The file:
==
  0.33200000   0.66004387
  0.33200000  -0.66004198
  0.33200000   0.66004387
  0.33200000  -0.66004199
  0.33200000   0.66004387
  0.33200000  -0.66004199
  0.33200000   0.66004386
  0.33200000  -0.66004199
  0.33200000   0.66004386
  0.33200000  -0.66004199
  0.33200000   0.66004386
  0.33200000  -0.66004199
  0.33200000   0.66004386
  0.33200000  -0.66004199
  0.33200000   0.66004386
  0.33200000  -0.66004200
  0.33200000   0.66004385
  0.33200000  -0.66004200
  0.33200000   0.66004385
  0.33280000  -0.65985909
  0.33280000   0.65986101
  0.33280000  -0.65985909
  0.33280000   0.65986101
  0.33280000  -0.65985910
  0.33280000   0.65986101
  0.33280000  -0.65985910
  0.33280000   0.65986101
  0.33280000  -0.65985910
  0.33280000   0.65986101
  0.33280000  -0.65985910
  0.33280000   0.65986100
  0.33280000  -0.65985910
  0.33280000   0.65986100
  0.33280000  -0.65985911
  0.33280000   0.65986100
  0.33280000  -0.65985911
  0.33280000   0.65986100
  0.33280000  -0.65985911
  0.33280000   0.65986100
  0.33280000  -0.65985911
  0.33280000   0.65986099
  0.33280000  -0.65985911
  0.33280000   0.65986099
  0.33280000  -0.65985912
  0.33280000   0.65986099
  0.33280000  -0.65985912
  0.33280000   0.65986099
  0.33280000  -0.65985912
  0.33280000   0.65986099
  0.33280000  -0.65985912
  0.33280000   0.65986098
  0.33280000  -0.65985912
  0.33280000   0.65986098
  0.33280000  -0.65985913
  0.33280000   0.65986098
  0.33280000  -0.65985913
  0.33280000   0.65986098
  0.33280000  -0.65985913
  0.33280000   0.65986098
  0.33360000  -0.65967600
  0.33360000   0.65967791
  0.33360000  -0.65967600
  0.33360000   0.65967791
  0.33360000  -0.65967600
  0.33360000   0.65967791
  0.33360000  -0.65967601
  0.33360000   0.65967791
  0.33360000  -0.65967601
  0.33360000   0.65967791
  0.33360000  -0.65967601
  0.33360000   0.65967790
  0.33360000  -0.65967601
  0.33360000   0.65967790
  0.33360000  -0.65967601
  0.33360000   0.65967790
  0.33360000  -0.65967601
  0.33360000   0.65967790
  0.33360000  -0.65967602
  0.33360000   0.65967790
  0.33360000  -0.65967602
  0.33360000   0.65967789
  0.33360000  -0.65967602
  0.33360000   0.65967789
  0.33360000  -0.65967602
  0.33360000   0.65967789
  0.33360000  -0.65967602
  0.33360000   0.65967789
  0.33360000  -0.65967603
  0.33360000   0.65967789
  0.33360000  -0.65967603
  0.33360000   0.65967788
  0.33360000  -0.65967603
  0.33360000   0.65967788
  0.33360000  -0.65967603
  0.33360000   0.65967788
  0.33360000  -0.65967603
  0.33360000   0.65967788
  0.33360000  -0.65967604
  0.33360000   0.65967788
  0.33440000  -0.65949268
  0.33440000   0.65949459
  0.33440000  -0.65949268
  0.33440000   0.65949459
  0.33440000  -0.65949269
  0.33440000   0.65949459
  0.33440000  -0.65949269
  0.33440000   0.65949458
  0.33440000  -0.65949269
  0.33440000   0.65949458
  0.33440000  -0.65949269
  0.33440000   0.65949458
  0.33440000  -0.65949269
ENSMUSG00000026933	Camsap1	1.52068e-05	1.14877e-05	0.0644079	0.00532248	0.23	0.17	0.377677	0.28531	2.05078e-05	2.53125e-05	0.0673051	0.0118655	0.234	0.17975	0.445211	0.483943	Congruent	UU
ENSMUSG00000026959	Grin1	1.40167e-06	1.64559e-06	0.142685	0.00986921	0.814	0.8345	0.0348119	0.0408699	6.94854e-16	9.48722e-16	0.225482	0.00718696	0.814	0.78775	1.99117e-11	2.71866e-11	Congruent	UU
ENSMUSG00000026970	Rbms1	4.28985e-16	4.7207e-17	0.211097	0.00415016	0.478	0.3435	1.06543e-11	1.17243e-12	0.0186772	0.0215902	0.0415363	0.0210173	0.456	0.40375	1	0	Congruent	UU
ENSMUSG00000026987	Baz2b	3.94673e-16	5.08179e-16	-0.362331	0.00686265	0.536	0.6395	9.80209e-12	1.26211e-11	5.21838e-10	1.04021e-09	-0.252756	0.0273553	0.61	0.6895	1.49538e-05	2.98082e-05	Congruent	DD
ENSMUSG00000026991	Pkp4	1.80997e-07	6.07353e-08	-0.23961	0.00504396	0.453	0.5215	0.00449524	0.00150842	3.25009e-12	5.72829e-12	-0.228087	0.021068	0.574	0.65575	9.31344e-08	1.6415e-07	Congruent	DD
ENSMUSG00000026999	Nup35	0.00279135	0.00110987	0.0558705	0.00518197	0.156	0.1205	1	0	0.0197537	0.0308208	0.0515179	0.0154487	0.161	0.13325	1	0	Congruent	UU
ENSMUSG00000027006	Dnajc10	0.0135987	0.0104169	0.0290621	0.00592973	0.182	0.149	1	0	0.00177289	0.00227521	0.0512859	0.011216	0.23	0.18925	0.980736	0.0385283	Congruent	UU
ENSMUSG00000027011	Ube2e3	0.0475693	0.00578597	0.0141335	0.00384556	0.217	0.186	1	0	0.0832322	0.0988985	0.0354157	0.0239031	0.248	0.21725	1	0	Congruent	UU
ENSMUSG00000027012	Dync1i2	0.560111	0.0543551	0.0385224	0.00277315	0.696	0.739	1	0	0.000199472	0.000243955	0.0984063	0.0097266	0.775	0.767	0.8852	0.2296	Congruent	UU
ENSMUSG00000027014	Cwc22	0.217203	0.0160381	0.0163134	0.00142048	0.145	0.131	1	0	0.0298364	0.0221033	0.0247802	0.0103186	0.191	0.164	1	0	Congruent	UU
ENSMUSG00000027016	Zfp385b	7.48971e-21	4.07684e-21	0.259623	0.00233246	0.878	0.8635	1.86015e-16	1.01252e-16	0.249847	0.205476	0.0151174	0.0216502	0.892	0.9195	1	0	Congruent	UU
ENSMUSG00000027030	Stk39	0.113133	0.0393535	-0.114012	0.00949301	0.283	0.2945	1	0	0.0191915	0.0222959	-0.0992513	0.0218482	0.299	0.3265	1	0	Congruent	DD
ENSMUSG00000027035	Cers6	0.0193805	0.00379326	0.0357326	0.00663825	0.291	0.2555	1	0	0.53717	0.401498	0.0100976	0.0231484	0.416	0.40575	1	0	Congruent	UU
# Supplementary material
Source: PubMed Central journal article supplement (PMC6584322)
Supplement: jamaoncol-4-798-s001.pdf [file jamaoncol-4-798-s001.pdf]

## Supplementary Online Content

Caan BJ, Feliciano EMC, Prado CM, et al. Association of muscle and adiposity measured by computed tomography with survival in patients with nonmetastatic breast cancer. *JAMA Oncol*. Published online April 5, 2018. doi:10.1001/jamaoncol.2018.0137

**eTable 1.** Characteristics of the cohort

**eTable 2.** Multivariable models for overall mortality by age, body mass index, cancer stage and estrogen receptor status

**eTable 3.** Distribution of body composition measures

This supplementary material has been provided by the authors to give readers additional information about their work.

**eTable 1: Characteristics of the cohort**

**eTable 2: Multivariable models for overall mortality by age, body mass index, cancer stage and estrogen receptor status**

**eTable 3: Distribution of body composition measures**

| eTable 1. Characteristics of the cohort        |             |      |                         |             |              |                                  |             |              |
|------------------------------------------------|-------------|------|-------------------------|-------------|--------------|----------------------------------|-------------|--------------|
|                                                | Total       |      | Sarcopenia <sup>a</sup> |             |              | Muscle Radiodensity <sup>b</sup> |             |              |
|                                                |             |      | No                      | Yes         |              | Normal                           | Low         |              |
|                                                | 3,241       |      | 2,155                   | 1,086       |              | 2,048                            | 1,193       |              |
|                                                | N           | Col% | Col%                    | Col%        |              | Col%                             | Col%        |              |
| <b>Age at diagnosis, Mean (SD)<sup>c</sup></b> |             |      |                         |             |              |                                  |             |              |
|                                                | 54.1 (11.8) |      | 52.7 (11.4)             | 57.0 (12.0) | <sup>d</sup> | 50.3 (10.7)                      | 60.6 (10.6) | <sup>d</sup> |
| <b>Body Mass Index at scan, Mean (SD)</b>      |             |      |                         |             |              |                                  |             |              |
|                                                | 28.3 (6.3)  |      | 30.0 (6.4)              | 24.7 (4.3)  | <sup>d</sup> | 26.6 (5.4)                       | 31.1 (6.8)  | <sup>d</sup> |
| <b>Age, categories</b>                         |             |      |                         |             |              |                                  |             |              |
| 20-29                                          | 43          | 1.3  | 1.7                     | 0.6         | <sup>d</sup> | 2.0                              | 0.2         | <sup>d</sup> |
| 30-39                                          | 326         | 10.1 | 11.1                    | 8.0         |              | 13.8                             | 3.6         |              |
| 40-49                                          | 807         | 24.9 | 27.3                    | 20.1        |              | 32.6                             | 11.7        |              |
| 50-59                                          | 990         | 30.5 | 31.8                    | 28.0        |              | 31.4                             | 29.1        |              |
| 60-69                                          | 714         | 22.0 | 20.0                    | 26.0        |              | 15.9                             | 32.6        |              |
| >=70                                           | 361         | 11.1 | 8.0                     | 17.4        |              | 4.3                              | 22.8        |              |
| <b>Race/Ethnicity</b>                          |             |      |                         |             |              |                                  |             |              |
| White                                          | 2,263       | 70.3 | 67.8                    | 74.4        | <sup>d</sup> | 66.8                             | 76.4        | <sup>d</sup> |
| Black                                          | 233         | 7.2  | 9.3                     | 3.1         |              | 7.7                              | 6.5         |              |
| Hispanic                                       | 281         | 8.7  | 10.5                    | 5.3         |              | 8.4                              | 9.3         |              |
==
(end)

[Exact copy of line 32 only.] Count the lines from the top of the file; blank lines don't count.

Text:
  0.33280000  -0.65985910